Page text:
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-63treatments or groups regarding percent of Ca, P, and Mg of bone ash. The means of bone ash Ca were 37% and 36% of ash for and G^, and 36%, 36%, and 36% for T^, , and T^. Phosphorus means were 15% for both G^ and G^ and for T^, , and T^, 15% for. all. For Mg the means of G^ and G^ were .49 and .47 and , T^, were .49, .47, and .48. Since the bone crystals need certain minimum levels of Ca, P, Mg, and other minerals to form the total bone crystal, bone ash was expected to be low in vitamin D-deficient ponies, but the percentage of Ca, P, Mg in the bone ash was expected to be the same for all treatments. Hurwitz e_t al. (1969) showed low percent of Ca and Mg in bone ash of rats, while Wahlstrom and Stolte (1958) and Combs et a_l. (1966a) showed little difference in percent of Ca and P of bone ash of pigs supplied with, or without, vitamin D. Bone cortex area . Table 9 shows the value of the cortex area of the left metacarpal bone. Ponies on T^ appear to have low bone cortex area (p < .07) than ponies in T 2 or T . Group II ponies had significantly (p < .05) higher cortex area than ponies in Group I. Figure 12 presents the cortex areas of three ponies in Group I, in which lower cortex area in T^ than T^ and T^ appears. Cortex area averages of G^ , G^ were 1.7 and 2.7, and of T^ T 2 , and T 3 were 1.2, 2.1, and 2.7 cm 2 , respectively . As the young animal grows there is an increase of its bone cortex area, but the bone ash deposit will be less in vitamin deficient animals than the normal, with no difference in their bone cortex areas. This is what has been found in this experiment. There was no significant difference between treatments but there was a significant difference between age groups.

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-64FIGURE 12. EFFECT OF TREATMENT ON METACARPAL BONES OF THREE PONIES OF CROUP I. a Overall appearance. Cross-section showing cortex area at midpoint. Designations T T and T indicate respective treatments. 1Â’ 2 3

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-65Bone density . Group I ponies had significantly lower (p < .01) bone density than ponies in Group II, and ponies in had significantly (p < .01) lower bone density than ponies in or . There were no interactions between groups and treatments. The means of bone density 3 (g/cm ) were 1.3 and 1.4 for G x and G 2 and 1.32, 1.41, and 1.45 for T , T 2 > and T^. Tables 8 and 9 show the individual values of bone density for the twelve ponies. Bone breaking strength . Table 8 shows the breaking strength of right metacarpal bones of the twelve ponies. Some of the values were lost through use of a defective testing apparatus in early determinations. Ponies in T^ appear to have lower bone breaking strength than ponies' bones in T^ or T^, but this difference was not significant. Group I ponies had lower (p < .05) bone breaking strength than ponies in Group II. The means of bone breaking strength were 1252.7 and 1677.9 2 ? kg/cm for G 1 and G^, and 1308.8, 1583.1, 1570.8 kg/cm for T , , and T^. it of did Since ponies in T^ had lower ash content than ponies in T^ and T^, was expected to find low density and breaking strength in the bones the vitamin D-deprived ponies in T^ . The results in this experiment indeed show lower bone density and breaking strength for T^ than and T^ . Miller et al . (1964) indicated low bone breaking strength of vitamin D-deficient pigs. The values of breaking strength of ponies in T^ was similar to values which were obtained by Haugh et al. (1971) in normal Shetland ponies.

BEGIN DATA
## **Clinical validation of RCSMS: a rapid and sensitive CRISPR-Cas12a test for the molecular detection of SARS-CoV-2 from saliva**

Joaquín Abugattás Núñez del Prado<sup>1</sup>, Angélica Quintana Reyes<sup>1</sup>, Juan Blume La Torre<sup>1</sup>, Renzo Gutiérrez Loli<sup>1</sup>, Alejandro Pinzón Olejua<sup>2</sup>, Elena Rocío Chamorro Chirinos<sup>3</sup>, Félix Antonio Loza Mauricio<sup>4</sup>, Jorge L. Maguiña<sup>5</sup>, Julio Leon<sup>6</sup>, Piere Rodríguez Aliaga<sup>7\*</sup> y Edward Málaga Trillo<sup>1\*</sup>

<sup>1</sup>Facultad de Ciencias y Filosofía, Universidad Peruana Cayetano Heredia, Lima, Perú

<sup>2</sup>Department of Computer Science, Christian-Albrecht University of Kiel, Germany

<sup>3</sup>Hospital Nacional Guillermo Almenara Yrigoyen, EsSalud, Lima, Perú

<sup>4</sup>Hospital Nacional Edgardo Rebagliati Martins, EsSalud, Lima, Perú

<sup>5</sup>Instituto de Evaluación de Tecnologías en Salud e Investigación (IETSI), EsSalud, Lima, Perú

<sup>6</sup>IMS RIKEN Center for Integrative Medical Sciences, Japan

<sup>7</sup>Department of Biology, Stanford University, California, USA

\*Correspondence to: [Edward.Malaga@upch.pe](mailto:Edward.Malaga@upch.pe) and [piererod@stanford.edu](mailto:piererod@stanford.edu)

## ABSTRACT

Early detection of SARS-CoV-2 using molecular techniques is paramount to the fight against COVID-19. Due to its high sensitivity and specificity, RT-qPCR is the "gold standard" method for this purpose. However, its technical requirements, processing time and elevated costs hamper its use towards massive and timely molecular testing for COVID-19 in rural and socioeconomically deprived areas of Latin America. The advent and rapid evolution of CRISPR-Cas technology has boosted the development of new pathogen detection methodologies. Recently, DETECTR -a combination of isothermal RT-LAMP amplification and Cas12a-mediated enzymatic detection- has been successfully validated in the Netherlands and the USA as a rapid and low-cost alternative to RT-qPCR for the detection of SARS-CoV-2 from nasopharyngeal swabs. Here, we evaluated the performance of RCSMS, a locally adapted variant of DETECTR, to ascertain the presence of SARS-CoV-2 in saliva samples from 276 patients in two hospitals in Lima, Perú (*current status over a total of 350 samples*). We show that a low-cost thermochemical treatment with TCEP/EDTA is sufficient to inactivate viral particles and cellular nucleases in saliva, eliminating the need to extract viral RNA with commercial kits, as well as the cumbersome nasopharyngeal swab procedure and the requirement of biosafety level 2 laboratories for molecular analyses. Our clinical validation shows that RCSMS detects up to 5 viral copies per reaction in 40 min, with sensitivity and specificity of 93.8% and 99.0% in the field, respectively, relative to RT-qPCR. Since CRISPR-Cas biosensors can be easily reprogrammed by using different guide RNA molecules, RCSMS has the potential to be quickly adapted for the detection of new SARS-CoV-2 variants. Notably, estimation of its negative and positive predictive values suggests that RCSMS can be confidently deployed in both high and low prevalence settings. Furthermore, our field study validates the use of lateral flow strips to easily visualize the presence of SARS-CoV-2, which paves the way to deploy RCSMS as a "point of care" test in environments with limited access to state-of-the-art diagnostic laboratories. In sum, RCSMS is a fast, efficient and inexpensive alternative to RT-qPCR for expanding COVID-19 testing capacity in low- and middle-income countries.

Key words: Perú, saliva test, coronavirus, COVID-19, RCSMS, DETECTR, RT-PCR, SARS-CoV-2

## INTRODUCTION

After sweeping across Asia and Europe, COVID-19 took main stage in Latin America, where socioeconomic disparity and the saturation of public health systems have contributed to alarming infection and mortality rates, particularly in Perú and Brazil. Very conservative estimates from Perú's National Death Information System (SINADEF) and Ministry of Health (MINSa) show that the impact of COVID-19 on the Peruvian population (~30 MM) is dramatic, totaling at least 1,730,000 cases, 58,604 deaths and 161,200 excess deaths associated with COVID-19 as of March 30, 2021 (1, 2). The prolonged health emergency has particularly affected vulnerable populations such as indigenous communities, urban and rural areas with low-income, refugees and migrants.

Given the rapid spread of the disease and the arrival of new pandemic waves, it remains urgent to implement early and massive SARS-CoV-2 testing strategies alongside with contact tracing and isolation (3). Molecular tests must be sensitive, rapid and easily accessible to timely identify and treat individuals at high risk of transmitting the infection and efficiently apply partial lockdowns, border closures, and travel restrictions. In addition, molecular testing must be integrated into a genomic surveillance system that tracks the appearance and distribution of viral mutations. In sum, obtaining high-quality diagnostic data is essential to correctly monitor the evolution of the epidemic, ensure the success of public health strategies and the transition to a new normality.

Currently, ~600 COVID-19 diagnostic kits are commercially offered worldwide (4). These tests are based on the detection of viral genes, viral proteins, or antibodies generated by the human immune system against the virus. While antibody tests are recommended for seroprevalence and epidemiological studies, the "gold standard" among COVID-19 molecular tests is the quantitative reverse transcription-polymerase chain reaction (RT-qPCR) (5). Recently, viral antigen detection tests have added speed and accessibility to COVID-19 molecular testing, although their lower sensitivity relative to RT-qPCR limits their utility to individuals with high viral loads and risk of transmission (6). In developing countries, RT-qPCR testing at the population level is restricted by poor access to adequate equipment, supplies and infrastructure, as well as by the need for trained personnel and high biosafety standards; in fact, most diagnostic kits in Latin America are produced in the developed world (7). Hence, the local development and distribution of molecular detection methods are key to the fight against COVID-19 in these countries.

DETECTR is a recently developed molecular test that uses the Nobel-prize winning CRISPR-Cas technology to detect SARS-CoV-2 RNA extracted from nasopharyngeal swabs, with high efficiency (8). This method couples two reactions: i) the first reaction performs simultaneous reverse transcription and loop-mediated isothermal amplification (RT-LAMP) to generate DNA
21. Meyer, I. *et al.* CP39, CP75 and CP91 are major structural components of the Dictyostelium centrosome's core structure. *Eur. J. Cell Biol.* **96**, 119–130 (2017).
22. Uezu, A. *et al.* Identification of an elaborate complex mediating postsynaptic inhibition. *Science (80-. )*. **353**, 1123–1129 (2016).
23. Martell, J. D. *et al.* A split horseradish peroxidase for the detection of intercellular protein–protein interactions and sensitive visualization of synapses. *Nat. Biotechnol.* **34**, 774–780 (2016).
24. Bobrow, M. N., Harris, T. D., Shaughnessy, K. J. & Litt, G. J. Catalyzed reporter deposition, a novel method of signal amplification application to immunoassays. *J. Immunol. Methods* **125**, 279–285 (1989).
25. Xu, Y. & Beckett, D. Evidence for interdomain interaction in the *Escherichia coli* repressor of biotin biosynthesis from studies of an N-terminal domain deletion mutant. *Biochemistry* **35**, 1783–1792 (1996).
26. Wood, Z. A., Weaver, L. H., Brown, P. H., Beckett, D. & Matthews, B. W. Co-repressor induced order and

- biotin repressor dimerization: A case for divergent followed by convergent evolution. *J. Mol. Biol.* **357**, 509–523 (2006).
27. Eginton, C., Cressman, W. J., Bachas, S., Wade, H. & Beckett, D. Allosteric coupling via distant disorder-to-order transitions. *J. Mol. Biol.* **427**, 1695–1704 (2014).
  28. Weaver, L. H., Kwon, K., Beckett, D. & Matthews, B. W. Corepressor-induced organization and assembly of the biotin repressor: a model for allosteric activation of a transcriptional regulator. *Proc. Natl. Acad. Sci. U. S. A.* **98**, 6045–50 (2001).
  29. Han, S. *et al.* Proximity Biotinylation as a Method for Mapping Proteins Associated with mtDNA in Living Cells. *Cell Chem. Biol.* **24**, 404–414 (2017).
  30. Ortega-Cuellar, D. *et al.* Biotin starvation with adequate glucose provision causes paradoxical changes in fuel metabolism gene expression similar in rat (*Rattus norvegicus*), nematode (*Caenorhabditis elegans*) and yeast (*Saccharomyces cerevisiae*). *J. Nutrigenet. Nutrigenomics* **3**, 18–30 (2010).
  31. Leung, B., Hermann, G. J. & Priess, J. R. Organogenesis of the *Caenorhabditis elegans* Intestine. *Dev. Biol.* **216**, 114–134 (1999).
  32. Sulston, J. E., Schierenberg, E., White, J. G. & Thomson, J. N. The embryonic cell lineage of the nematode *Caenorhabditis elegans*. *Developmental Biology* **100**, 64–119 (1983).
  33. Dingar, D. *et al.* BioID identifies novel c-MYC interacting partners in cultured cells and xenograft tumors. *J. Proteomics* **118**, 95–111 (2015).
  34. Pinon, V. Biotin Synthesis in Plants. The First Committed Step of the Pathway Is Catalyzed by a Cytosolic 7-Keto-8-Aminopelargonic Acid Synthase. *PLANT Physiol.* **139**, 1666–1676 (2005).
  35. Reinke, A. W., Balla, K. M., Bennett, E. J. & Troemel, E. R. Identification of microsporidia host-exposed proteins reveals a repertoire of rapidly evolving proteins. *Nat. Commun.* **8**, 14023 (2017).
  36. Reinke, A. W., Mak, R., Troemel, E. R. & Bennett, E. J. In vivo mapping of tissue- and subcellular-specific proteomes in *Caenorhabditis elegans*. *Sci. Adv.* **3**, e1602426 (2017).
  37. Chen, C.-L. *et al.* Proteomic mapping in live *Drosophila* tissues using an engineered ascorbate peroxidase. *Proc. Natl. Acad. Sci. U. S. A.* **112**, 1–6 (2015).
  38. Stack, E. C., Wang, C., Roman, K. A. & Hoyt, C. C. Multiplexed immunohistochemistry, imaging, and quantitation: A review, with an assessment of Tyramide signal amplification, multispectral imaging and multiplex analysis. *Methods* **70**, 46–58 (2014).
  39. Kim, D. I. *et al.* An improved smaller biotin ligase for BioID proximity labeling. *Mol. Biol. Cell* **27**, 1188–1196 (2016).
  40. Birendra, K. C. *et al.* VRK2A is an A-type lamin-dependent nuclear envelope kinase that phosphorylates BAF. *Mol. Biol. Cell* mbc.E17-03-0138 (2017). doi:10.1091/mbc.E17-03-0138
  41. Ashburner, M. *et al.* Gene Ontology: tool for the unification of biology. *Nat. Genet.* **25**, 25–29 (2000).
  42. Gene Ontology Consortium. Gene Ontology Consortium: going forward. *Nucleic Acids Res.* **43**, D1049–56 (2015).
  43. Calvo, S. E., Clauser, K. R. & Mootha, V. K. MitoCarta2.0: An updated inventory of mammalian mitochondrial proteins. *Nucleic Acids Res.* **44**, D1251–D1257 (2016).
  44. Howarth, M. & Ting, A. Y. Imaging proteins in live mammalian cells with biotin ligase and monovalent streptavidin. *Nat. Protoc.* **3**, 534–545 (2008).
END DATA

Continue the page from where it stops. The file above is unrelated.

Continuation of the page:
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66 Bone epiphyseal closure . Table 10 shows the findings of the epiphyseal closure measurements in Group I, employing the following grading system: "A+" = epiphyseal plate completely closed, "A-" = epiphyseal plate 3/4 closed, "B+" = epiphyseal plate 1/2 closed, "B-" = epiphyseal plate 1/4 closed, "C" = completely open epiphyseal plate. At the beginning (3 months of age), the distal end of the first phalanx (P^D) and the distal end of the second phalanx (P 2 D) plates were closed (A+) , but the distal end of the third metacarpal (MD) , the proximal of the first and the second phalanges (P^P and P 2 P) were open (C) . The last three epiphyseal plates were used to study treatment differences. The radiographs made at the termination of the treatments (Table 10) indicated that the MD, P^P, and P^P graded B-, B+, and Bfor ponies in T^ . In T^ they were B+, A-, and B+. Radiographs in T^ indicated A+, A-, and A. These observations demonstrate a difference in the epiphyseal closure between T^ , T^, and T^. The radiographs of the left leg showed similar differences among treatments. In addition to delay of epiphyseal closure of the vitamin Ddeficient ponies in T^ (Group I), lack of calcification, thickening, widening, and irregularity of the epiphyseal cartilage (epiphyseal plate) at the junction of the diaphyses and the epiphyses were observed. Since MD, P^P, P-^D, P 2 ?> anc ^ ^2° P^ ates were closed in Group II (started at 8.0 months old) the distal end of the radius (RD) , which develops later, was examined and comparison was made between treatments. At the end of the experiment there were no differences between treatments as to RD epiphyseal plate closure. Figures 13 and 14 present the effect of treatments on ponies of T^ and T^ of G^ and .